3 Key Success Factors for Multi-sourcing
The rise of multi-sourced IT delivery models is well documented, and multi-sourcing is now accepted as the new normal. Today’s outsourcing market demands solutions that anticipate and respond to business activity inside and outside the organization while simultaneously dealing with a rapidly shifting landscape of providers. This drives the need for a global digital infrastructure in which information is used to help organizations create real time links between IT organizations seeking to manage support complexity and a growing and ever shifting array of external service partners that includes traditional outsourcers, managed service providers, telecom operators, and cloud service providers. Enabling this shift are three key success factors:
- The dynamic nature of this ever shifting landscape becomes a defining point in new strategies and new tools are needed to address that new reality.
- Decisions being made 24/7 are profoundly impacted by an organization’s capacity to have every available piece of information, from all sources, accessible immediately.
- The ability to deliver services of all kinds faster, more reliably and more affordability is of prime importance in today’s market.
Sourcing is becoming a critical success factor for IT management; in fact many now consider the CIO the “Chief Integration Officer”. The multi-sourcing challenges that IT and business managers are facing today have never been so complex. In addition to cost considerations there’s a simultaneous laser focus on security, agility, alignment between sourcing and business strategy are more and more in focus.
Conquering Complexity in a Multi-Sourced Ecosystem
Multi-sourcing is not as straightforward as it might appear. There are challenges even for organizations that have spent time developing their future operating model and included a Service Integration and Management (SIAM) function. The factors in the figure below underpin successful multi-sourcing with SIAM:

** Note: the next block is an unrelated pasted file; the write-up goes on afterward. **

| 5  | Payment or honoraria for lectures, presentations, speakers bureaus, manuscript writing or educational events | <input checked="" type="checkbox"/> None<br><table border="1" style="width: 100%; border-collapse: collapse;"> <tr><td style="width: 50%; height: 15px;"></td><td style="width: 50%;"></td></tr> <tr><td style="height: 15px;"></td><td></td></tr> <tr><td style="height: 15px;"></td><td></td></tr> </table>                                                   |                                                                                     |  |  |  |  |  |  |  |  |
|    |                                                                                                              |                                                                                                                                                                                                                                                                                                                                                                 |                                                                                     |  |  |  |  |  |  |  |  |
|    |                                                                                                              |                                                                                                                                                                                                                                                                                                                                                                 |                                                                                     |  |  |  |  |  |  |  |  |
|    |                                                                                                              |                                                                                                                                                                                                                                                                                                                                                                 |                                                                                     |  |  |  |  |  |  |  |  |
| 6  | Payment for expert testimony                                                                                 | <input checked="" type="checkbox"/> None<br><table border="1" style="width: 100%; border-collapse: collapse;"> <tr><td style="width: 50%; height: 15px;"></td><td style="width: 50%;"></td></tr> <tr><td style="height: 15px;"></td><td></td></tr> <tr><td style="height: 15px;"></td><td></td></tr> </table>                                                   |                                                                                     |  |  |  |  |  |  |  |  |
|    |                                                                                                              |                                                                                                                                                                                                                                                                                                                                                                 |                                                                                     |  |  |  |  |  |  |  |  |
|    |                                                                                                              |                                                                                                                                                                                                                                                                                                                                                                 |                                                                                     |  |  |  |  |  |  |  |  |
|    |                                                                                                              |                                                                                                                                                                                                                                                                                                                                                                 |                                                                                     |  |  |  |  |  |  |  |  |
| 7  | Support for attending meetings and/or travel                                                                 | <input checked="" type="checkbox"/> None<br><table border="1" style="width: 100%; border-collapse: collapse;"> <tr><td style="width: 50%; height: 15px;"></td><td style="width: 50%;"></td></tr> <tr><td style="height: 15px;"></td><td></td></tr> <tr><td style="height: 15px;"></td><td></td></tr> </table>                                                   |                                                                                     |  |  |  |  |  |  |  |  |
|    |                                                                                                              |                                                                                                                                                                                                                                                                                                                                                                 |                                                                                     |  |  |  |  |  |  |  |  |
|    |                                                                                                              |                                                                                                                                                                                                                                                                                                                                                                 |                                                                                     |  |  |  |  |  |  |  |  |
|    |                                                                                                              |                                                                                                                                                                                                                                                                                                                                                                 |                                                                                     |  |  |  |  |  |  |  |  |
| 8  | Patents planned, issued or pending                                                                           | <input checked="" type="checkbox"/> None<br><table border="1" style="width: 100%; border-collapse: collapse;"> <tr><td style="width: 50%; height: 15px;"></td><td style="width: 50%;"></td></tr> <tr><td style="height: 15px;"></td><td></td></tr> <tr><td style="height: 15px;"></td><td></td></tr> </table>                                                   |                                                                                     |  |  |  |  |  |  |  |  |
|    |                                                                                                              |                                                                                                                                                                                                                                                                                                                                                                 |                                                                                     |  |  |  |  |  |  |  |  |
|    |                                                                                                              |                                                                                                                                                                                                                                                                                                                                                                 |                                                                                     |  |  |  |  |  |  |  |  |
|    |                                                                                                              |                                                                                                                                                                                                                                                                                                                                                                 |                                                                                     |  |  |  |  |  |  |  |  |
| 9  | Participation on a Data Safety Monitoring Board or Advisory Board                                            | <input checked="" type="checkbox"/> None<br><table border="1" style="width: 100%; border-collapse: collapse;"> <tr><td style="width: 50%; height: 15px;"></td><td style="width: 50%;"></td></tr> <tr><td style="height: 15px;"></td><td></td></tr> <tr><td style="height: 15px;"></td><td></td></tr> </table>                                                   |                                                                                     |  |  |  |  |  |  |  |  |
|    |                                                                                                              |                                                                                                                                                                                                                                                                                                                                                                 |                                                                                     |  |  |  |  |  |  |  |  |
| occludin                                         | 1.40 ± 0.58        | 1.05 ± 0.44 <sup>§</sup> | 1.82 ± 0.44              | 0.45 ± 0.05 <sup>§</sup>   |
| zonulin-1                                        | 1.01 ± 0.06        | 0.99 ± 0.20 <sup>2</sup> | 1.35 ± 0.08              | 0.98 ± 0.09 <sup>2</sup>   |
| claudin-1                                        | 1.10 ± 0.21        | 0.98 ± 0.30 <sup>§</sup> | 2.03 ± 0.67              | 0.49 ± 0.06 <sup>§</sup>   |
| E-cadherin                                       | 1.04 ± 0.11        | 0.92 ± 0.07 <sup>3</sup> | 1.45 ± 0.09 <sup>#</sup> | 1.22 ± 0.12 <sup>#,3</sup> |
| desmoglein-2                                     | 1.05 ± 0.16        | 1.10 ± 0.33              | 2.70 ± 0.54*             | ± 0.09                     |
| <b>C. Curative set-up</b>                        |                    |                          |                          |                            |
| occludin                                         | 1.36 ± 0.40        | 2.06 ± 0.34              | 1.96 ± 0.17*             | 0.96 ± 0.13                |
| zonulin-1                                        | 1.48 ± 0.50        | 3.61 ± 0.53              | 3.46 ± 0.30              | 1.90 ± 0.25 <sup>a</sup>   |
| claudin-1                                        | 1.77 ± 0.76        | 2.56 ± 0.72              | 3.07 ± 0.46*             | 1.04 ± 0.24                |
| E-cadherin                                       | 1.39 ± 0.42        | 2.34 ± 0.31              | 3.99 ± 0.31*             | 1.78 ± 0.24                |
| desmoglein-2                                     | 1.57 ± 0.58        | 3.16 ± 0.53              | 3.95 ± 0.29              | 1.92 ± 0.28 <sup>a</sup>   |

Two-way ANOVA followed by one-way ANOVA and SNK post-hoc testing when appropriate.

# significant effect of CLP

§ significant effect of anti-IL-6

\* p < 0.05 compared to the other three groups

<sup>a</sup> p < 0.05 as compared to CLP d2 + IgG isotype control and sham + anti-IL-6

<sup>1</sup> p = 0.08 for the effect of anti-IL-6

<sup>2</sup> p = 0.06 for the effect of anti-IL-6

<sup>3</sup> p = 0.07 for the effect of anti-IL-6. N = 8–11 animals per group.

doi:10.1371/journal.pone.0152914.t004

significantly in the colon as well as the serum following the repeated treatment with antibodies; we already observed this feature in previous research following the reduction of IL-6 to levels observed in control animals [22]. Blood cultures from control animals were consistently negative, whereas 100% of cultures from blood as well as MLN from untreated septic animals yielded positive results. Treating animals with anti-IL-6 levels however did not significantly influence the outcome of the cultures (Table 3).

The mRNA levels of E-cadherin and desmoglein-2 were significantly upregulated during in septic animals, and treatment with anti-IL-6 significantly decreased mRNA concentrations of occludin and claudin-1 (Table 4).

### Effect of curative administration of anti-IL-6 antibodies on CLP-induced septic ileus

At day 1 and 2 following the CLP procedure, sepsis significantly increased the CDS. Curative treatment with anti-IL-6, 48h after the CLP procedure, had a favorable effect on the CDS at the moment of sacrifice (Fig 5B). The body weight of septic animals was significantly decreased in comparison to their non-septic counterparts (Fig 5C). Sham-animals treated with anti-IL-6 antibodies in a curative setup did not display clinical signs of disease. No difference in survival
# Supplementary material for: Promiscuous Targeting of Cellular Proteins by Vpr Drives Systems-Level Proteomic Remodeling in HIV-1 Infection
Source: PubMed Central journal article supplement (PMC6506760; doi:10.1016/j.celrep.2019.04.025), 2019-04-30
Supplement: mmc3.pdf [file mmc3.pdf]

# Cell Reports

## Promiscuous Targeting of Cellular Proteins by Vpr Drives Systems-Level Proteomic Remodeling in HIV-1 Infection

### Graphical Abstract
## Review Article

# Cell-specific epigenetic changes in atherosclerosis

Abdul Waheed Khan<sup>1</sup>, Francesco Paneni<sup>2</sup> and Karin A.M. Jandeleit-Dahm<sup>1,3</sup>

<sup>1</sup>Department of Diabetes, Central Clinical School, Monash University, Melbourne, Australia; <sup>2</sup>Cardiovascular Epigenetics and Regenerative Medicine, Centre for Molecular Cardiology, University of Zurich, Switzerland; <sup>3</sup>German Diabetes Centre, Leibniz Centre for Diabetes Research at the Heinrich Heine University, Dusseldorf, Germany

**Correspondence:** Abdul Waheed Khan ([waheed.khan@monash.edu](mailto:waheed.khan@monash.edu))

- Effective client organization:
In any sourcing arrangement, the client IT department is accountable for the IT services delivered to their business. When multi-sourcing, the client has multiple direct contracts with many suppliers, so a strong commercial management function is also required.
- Clear boundaries of responsibility:
These are captured in the service descriptions of contracts and charters for organizational units. The boundaries of responsibility for each party must be firm and clear.
- Contracts that support integration:
SIAM is more effectively embedded into an organization if the supplier contracts reflect the requirement to engage with the SIAM. Suppliers may refuse to engage with the SIAM supplier since it is not in the contract.
- Culture of collaboration:
Ensuring that contracts support integration can help enable collaboration, but often the key to effective collaboration is about culture. Treating suppliers more like an opponent than a partner, the client is unlikely to achieve the integrated, collaborative multi-sourced ecosystem to which they aspire.
- Integrated service management processes:
It is essential to have a common set of service management processes into which all providers and receivers of service are integrated. These processes should not mandate how a supplier performs their incident, capacity, and other ITIL processes, but should describe the transitions between suppliers and the SIAM function.
- Integrated tooling:
Process automation can be realized by embedding the processes into tooling solutions, and by integrating those tools with one another. This automation makes sure that processes are consistent; efficiencies are increased in terms of both time and cost. Without this automation it is not possible to achieve the provision of real-time information.
- Meaningful reporting:
This means getting the right data, with the right level of analysis, (including data correlation) to the right people at the right time.
- Integrated governance:
While individual suppliers require one-to-one management, there also must be governance forums that span all suppliers for estate-wide visibility and to encourage collaboration.
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